Emphasizing Quality

If you’ve been to public forums about city issues, or even if you’ve spent a few minutes on social media, you’ve probably encountered a NIMBY or two.

You’ll know a NIMBY by their singular phrase: “Not In My Backyard!”

These people are also known as the “late majority” or “laggards” in the Diffusion of Innovation theory. Innovation can be scary – but we also know that people are naturally resistant to change. But being fearful of change is not a good reason to avoid improving and evolving our cities.

The key to turning public sentiment around is to reach critical mass, when the rate of adoption becomes self-sustaining and creates further growth. For a streetcar in Omaha, we have a few ideas for NIMBYs to think about.

According to Urbanist Brent Toderian, we should focus on QIMBY: Quality In My Backyard. To build the density needed to support a robust public transportation network, three things have to happen:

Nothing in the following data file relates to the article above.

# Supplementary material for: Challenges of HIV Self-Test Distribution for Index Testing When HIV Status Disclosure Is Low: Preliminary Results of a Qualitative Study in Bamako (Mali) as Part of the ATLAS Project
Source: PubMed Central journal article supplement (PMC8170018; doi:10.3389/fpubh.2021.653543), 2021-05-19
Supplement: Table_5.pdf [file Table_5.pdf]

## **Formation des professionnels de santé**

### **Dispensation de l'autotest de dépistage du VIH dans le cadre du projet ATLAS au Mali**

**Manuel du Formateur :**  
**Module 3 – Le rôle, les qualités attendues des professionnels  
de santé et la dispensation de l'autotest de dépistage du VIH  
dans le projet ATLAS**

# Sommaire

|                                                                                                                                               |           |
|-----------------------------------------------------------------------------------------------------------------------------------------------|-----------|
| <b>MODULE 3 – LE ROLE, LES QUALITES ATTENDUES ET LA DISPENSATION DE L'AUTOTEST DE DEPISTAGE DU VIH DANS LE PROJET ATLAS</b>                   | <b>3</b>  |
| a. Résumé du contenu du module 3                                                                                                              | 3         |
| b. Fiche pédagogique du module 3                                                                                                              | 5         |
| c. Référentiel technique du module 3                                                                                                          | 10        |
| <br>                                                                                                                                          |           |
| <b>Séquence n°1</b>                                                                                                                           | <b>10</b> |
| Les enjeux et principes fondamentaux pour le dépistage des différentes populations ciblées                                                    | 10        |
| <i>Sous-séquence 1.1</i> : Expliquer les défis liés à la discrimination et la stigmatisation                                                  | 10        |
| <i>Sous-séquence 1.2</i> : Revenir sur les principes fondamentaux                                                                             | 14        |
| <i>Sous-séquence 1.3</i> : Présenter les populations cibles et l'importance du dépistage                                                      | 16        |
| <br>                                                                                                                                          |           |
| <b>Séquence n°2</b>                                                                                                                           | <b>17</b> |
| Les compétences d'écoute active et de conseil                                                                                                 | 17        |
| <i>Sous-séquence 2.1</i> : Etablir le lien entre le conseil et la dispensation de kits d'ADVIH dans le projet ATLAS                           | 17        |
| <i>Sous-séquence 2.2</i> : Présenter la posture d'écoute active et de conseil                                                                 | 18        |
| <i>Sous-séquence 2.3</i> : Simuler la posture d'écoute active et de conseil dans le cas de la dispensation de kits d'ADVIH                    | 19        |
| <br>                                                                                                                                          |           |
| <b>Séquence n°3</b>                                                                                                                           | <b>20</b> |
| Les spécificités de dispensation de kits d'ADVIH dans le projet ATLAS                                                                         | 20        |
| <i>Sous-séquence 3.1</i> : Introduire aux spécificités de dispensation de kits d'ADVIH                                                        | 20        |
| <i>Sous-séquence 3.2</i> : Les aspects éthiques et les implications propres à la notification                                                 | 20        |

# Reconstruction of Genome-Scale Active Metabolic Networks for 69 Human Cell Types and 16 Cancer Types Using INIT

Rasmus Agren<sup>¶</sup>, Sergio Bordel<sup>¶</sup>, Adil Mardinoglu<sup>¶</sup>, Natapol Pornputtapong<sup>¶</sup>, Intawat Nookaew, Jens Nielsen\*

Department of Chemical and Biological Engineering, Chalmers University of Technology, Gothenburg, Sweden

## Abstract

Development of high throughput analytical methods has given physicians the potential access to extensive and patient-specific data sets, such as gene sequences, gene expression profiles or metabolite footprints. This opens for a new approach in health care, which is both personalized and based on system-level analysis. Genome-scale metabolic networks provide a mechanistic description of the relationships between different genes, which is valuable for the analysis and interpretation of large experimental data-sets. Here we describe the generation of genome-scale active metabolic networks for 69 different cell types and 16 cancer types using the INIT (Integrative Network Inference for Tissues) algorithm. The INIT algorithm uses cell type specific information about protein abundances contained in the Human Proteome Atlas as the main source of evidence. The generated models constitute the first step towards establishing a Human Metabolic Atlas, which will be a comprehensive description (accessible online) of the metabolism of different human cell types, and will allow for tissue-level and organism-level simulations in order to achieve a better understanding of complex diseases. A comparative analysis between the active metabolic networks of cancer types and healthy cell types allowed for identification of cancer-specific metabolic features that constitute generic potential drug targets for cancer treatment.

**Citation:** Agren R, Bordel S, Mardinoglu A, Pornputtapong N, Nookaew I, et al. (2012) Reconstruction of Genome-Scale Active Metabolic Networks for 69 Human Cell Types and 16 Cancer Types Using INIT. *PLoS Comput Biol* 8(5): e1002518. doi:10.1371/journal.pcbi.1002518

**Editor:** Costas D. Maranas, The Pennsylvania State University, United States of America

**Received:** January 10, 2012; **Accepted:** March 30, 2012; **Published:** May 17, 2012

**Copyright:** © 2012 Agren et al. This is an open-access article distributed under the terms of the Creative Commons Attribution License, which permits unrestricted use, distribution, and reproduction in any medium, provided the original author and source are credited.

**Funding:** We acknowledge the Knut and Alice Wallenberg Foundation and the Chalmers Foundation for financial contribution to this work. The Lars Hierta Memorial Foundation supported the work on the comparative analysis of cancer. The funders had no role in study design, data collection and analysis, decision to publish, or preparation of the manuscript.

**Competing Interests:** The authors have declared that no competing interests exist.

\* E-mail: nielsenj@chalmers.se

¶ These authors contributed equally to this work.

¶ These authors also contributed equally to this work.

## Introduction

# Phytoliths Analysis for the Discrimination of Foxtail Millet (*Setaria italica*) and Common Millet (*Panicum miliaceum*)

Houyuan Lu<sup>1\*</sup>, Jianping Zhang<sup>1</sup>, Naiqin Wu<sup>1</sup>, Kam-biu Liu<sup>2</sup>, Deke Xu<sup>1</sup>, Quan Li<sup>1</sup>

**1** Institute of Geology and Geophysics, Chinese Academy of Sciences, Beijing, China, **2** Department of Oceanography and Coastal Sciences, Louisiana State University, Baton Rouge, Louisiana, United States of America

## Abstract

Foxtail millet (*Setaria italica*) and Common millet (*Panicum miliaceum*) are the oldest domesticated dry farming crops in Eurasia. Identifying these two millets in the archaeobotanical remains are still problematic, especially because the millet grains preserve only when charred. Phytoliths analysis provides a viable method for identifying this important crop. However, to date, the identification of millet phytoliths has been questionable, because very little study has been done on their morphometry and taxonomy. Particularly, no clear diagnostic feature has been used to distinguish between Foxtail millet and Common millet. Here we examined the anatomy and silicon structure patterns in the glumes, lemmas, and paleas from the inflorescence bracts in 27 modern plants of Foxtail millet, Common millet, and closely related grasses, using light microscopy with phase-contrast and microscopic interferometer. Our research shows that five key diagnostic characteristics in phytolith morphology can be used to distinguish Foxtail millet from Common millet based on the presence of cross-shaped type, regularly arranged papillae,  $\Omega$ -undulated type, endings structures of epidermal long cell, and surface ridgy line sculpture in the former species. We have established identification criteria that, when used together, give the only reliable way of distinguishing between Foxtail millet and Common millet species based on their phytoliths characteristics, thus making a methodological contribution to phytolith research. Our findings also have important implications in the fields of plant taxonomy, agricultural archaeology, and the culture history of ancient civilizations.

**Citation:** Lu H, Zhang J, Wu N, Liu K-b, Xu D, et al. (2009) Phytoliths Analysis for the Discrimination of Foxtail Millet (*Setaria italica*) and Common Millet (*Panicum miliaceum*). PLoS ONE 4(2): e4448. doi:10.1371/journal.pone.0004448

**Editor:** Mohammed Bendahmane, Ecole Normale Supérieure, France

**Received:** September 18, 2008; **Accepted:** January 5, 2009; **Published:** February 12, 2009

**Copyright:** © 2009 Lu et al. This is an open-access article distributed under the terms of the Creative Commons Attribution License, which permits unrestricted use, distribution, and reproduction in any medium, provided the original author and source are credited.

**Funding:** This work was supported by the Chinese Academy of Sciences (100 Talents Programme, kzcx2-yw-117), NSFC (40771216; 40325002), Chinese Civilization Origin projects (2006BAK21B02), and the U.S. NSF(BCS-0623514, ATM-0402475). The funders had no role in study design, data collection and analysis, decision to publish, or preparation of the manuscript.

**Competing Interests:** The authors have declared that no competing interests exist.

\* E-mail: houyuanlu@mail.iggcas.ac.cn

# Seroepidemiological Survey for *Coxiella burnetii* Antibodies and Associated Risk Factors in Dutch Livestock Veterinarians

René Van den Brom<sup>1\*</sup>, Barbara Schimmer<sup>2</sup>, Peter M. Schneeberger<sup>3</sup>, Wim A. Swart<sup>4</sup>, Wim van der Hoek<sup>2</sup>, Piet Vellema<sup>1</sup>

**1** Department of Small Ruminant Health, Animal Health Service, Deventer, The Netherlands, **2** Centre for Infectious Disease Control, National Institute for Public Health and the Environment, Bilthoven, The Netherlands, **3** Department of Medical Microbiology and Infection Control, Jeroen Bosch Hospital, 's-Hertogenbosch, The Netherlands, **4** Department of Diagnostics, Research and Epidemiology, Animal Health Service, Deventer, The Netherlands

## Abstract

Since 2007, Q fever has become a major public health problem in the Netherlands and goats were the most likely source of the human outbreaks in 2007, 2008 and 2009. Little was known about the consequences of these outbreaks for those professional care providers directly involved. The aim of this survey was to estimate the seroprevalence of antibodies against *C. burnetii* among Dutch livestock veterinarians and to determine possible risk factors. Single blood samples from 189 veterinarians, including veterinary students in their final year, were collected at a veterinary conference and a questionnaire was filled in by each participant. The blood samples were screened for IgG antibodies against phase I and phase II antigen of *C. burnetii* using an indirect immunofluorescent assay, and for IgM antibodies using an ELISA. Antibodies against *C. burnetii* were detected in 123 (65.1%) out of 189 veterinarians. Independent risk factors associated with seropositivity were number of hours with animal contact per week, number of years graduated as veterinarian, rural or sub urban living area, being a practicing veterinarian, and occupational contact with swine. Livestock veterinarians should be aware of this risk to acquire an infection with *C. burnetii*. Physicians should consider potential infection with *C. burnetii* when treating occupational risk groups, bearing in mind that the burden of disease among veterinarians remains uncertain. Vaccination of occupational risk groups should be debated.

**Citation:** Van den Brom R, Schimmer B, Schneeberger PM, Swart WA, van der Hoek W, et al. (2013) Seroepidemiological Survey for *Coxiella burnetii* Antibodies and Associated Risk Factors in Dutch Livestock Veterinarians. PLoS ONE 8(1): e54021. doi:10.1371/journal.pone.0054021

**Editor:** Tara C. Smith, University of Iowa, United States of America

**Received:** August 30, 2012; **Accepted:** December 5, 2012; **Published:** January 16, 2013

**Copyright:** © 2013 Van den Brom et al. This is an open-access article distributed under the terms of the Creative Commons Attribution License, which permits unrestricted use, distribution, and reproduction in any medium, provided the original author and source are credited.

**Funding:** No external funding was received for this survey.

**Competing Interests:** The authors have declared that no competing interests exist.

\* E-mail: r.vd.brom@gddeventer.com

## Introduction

1. The density has to be high quality, in terms of aesthetics and how the elements relate to each other.
  2. Active transportation has to be a priority. “You have to make walking, biking and transit not just available, but delightful,” he said.
  3. Amenities that give communities vibrancy, such as parks, green spaces and cultural facilities, plus a diversity of housing types, like rentals and public housing, have to be emphasized.

There’s no one-size-fits-all, but the key is to be thoughtful and nimble about adding density and do what makes sense for each community.

In Omaha, where we are running out of suburban land in which to expand, our urban core becomes more important. The streetcar can help attract density both in numbers of people and developments.